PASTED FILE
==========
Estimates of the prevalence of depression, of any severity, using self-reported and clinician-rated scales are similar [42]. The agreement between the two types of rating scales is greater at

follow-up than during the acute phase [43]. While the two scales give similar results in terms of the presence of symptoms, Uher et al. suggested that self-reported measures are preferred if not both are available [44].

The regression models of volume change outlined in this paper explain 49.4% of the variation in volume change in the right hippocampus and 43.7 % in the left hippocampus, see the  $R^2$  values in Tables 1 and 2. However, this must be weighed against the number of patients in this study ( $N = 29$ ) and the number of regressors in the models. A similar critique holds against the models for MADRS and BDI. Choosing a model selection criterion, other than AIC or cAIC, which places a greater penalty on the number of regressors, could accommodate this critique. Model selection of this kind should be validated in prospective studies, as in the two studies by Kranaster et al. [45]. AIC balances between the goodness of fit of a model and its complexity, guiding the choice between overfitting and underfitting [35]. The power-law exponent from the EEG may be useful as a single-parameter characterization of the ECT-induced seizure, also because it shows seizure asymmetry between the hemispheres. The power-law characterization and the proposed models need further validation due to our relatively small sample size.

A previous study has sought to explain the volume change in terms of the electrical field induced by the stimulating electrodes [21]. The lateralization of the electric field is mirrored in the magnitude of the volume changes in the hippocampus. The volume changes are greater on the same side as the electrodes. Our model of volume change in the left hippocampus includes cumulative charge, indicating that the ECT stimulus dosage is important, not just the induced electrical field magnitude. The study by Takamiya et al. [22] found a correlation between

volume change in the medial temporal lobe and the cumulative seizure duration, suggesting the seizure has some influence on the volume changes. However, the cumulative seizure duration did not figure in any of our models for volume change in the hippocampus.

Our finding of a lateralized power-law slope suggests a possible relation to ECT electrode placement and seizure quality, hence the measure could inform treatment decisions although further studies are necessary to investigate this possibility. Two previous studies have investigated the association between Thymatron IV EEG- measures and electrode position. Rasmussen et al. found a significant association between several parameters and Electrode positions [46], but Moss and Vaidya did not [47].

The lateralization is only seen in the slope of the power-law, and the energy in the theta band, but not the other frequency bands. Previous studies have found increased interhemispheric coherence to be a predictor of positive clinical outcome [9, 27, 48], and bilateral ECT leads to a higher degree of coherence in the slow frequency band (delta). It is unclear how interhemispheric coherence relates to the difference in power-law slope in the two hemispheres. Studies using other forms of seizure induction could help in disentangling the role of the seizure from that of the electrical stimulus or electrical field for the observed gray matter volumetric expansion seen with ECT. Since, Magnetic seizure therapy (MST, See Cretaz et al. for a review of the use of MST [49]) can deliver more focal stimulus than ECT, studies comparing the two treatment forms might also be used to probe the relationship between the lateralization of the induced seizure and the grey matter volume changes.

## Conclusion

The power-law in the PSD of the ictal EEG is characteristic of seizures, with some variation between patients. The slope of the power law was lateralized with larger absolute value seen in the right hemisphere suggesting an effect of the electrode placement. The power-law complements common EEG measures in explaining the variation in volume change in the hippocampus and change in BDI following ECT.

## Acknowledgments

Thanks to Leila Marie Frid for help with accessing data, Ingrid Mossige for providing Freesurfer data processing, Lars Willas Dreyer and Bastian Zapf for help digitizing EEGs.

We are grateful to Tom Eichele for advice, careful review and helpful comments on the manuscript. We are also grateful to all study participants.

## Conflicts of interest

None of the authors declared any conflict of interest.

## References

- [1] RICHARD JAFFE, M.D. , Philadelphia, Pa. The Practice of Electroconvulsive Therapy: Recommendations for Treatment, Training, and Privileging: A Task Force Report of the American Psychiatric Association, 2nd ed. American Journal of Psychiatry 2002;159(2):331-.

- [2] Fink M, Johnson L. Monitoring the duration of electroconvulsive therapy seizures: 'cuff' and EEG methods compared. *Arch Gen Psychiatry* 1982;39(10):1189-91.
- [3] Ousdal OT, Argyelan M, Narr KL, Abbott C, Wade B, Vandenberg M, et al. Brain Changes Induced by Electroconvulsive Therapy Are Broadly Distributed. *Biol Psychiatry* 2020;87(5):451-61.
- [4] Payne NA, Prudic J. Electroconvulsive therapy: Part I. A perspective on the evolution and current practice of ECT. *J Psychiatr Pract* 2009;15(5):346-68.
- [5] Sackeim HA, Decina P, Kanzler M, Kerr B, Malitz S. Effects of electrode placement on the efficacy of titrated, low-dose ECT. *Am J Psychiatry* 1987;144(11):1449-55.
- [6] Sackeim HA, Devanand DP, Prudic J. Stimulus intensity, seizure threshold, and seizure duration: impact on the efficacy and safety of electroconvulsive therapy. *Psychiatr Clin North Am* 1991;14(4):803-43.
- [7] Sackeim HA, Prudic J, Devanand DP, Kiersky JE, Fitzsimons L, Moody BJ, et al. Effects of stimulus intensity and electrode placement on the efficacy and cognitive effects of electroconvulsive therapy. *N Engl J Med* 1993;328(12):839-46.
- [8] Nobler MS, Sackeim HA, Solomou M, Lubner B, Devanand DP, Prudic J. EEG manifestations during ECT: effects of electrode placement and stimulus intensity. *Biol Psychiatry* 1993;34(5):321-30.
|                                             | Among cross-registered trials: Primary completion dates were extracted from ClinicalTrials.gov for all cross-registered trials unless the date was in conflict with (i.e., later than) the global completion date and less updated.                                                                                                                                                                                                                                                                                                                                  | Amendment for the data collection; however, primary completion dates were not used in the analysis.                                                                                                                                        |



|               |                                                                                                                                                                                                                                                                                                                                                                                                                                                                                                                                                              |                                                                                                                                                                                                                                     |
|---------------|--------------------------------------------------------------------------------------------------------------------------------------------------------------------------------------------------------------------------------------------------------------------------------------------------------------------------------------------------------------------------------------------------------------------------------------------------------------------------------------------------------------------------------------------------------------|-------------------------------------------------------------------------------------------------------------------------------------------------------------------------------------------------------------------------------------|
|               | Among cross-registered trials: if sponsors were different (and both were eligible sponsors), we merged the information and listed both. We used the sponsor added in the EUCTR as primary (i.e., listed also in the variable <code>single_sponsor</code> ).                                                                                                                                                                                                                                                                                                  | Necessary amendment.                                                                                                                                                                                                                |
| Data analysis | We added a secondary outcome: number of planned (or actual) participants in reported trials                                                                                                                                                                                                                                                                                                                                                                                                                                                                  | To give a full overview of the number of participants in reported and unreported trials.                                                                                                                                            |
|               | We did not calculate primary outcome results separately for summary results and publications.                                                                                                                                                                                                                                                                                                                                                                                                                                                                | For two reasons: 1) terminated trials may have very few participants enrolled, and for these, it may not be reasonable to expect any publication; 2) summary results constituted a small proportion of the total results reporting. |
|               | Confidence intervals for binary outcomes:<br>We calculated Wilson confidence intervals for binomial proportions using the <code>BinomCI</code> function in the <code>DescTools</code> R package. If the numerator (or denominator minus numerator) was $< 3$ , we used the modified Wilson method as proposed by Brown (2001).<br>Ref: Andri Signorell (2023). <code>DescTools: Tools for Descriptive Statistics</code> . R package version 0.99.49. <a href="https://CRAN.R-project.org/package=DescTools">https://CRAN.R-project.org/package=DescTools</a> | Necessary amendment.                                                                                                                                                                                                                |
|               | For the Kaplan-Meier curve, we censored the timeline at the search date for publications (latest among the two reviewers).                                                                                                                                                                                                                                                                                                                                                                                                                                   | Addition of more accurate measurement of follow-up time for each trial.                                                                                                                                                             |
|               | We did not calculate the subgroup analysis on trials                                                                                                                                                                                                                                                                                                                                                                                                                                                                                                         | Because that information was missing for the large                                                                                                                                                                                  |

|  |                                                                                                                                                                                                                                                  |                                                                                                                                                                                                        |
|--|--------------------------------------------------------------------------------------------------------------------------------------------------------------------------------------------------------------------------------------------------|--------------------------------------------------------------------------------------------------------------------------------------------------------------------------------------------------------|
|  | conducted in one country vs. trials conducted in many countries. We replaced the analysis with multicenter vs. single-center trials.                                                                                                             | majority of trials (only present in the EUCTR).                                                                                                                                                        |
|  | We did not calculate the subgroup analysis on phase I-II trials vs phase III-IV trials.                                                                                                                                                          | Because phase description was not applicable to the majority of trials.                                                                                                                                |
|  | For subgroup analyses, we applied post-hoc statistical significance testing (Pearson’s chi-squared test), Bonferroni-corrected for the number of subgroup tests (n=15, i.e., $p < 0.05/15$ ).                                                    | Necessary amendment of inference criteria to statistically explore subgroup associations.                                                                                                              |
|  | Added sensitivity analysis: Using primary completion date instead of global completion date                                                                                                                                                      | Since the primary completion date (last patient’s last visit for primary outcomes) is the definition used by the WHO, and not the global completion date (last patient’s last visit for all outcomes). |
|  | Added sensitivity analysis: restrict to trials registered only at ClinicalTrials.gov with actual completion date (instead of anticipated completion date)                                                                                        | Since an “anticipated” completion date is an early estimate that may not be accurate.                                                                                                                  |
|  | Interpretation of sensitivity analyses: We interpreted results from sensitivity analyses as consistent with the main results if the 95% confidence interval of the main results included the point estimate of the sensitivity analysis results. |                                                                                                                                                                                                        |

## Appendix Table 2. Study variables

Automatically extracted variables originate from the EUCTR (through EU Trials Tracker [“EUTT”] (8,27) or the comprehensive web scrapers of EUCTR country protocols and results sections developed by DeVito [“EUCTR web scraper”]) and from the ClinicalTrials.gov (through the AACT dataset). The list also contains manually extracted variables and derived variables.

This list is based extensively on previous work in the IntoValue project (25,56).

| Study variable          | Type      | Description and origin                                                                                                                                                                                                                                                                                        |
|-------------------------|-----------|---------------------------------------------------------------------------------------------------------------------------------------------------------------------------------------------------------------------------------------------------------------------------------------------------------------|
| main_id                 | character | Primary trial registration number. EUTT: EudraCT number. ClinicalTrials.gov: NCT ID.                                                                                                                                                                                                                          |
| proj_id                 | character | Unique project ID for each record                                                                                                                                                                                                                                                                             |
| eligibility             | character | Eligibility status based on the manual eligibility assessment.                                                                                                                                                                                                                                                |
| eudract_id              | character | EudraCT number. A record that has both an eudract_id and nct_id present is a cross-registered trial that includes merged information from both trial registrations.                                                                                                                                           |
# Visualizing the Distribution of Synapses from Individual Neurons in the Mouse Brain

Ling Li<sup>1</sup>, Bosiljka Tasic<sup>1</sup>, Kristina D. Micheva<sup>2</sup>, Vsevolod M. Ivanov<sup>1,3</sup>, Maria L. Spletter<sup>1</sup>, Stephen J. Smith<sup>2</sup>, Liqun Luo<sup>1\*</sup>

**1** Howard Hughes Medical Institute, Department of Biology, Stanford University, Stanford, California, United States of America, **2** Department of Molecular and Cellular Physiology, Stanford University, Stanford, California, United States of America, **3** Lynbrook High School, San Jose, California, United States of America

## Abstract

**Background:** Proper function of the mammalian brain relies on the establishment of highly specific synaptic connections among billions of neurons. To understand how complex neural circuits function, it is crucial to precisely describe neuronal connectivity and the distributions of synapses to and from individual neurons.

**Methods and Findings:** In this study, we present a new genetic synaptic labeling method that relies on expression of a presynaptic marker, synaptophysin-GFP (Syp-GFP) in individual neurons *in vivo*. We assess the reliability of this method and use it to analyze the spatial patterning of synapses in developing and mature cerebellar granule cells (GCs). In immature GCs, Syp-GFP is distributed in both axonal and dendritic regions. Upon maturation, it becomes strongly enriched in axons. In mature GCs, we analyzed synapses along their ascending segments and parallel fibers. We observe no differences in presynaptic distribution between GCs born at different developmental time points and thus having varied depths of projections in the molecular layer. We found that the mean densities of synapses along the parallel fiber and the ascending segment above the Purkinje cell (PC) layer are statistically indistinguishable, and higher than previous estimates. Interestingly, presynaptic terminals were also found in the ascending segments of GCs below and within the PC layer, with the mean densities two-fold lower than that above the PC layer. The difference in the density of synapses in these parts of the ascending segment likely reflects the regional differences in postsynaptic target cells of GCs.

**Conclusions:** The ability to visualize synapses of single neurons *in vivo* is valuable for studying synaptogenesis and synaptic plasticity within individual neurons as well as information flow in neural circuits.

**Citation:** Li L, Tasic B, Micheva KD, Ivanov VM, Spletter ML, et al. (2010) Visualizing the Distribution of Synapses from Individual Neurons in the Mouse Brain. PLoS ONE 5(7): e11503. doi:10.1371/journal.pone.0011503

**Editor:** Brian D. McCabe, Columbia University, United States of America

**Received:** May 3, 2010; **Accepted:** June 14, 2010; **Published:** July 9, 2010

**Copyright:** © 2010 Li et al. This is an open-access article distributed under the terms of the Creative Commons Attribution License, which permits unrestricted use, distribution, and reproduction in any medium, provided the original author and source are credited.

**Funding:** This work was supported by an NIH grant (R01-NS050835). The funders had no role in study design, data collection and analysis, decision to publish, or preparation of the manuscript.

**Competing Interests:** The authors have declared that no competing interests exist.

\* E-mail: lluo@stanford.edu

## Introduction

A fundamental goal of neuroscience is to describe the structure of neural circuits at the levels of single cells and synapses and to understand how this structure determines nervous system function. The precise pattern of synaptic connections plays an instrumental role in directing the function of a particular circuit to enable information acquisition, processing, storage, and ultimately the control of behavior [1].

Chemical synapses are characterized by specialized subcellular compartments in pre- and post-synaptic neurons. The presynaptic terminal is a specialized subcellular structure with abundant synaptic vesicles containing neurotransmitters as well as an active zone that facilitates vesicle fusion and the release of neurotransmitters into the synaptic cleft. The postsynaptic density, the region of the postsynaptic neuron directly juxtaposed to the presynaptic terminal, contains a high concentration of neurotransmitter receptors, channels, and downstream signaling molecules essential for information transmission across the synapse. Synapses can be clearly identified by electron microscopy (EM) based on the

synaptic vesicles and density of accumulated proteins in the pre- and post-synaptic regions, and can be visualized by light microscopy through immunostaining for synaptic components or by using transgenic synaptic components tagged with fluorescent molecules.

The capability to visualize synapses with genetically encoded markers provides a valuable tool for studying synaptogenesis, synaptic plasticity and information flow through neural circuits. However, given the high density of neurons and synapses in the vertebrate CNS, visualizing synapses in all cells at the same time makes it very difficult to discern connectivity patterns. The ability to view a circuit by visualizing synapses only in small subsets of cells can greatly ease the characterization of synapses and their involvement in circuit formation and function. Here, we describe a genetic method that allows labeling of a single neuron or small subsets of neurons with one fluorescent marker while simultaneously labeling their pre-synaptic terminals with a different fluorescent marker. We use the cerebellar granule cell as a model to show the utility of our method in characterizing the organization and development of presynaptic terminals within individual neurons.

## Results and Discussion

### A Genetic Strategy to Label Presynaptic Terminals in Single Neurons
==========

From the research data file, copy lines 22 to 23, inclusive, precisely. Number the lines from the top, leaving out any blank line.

- [7] Sackeim HA, Prudic J, Devanand DP, Kiersky JE, Fitzsimons L, Moody BJ, et al. Effects of stimulus intensity and electrode placement on the efficacy and cognitive effects of electroconvulsive therapy. *N Engl J Med* 1993;328(12):839-46.
- [8] Nobler MS, Sackeim HA, Solomou M, Lubner B, Devanand DP, Prudic J. EEG manifestations during ECT: effects of electrode placement and stimulus intensity. *Biol Psychiatry* 1993;34(5):321-30.